For the sake of clarity, we described the intervention of each dimension independently of the other dimensions. We recognise, however, that these constructs, interventions and their respective measures are likely to be interrelated in complex ways. For example, both trust and self-efficacy could result as a benefit from the strategy of Ensuring usability.
Contributors were asked to take part in either of the two tasks after they read the descriptions that the leaders had published. Guided by the leaders, contributors took part in the activities of the tasks. The main stages of the tasks consisted of editing the script, creating or modifying materials according to the final script, and integrating materials into a resource package specified by the micro-learning resource information model. Templates for scripts and tools for material creating and packaging were provided in the system. At each stage, the edit permission for scripts, materials, and packages were subjected to change by the leaders. Contributors were encouraged to comment on different versions of the co-constructed products in which the leaders made the final decisions (Gu & Li, 2010). The pilot process is outlined in Figure 3. After three weeks of co-construction in the system, all of the procedures in the pilot system were completed and the test was concluded.
Figure 3: Pilot process
In addition, a focus group meeting of participants was conducted at the end of the pilot, guided by a protocol with 18 questions, in an effort to find which functions, tools and strategies were most helpful and in which were in need of improvement. Participants were also asked to compare the features of the Co-Cons system with other social computing platforms they were familiar with. The focus group session was video recorded, and its transcript was coded and analysed using the intervention model to identify positive and negative points as well as gather suggestions for improving the intervention design.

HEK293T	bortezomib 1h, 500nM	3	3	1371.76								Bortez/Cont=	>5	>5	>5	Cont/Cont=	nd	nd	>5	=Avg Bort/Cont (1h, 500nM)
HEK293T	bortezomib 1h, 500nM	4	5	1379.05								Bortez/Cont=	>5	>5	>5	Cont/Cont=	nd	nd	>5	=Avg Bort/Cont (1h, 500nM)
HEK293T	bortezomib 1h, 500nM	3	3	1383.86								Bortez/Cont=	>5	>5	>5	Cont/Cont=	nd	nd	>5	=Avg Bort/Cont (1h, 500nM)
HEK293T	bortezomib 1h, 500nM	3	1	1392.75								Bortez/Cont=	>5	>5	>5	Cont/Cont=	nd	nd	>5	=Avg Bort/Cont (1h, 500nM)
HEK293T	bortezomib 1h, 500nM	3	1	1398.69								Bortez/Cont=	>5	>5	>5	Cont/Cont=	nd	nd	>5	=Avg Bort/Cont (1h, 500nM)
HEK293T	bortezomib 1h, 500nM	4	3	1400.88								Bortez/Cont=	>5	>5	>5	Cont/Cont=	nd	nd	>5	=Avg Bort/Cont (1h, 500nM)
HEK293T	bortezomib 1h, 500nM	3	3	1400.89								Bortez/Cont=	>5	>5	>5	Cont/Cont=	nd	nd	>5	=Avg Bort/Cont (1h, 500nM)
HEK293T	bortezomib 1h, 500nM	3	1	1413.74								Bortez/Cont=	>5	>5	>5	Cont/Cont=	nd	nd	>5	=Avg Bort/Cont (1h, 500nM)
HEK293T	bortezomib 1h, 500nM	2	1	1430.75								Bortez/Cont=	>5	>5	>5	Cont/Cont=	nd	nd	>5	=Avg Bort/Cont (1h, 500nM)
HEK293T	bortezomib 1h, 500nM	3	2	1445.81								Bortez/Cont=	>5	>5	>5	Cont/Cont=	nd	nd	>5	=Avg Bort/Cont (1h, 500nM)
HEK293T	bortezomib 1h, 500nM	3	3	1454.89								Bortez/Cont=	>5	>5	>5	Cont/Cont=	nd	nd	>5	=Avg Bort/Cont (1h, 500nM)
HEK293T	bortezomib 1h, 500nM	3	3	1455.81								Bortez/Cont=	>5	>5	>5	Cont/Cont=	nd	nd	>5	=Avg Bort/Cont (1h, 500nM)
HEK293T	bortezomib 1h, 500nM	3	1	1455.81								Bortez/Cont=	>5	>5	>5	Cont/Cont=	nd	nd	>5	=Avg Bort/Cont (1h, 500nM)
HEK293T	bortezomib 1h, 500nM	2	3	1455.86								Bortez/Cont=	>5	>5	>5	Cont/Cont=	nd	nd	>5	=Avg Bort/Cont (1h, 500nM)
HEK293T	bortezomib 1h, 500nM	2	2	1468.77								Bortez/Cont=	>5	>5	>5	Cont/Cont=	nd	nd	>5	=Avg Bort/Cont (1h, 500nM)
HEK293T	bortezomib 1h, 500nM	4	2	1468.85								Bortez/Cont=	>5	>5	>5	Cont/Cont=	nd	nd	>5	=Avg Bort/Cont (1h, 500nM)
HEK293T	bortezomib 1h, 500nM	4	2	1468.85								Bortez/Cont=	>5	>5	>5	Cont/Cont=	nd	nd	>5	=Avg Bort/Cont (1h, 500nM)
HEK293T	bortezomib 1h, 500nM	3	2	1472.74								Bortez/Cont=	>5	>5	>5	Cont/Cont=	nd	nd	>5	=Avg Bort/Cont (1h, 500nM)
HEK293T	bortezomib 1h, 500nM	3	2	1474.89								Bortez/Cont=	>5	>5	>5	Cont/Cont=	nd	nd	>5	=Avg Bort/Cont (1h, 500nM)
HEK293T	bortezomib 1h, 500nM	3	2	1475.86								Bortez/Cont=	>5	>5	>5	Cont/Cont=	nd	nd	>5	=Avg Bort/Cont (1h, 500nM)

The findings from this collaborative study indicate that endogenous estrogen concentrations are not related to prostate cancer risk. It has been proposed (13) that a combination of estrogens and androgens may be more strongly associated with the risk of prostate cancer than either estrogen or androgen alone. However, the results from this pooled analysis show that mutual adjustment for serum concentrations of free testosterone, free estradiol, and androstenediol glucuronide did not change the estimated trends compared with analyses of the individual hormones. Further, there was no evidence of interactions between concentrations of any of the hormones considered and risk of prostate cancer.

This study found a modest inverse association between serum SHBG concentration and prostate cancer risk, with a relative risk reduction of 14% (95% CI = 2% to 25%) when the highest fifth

All data collection was conducted in Chinese, from which the questionnaire data and quotations reporting in this article has been translated into English.
|Structural||Q1||Task describing is necessary||5||5||1|
|Q5||Tools and activities help find people with same interests||4||4||2|
|Relational||Q6||The system meets personal needs according to my using habits||3||3||0|
|Q8||Role list according to the sub-tasks is helpful||4||4||1|
|Q9||Role description is a good idea to guide role and task selection||5||5||1|
|Q10||First-come-first-choose help avoid conflict in role choosing||5||5||2|
|Q11||Best practice and tutorials help understand what to do||5||5||1|
|Cognitive||Q12||Templates, tools and scripts are helpful in undertaking tasks||5||5||1|
|Q15||Guided procedure with templates and tools help to keep the track of task||5||5||1|
|Q16||Comments help improve products||4||4||1|
|Q17||Comments or votes of products help build trust in this community||4||4||1|
|Q18||Rubric helps to make comment||4||4||0|
|Q19||Rubric makes me confident to make comments or votes||4||4||1|
|Q20||The interface of the system attracts me||4||4||1|
|Q21||The navigation is clear and I always know where I am||4||5||1|
|Q22||The navigation is convenient||4||5||2|
|Q23||The tools help and save my time in construction||4||4||0.3|
|Reliability: Cronbach alpha = 0.74. Md = Median; M = Mode; IQR = Inter-quartile range|
Coupled with the positive attitudes shown in the self-reports, the system log indicates that the participants actively took part in the co-construction process in the pilot, resulting in a total of 105 pieces of resources co-constructed with 297 versions in the whole process. On average, each user contributed to the community more than 17 times in the three-week pilot.
In general the results so far confirm the approach taken to develop a Co-Cons system that would show participation and sharing, however, the answers to the other six multiple-choice questions from the self-report question sheets indicate that the participants held concerns about the intervention design and had suggestions for how it could better work in the future. Suggestions for improvement also came from the focus group session. The following sections report findings from the focus group sessions and include responses from the answers to the six multiple-choice questions for support and further clarification.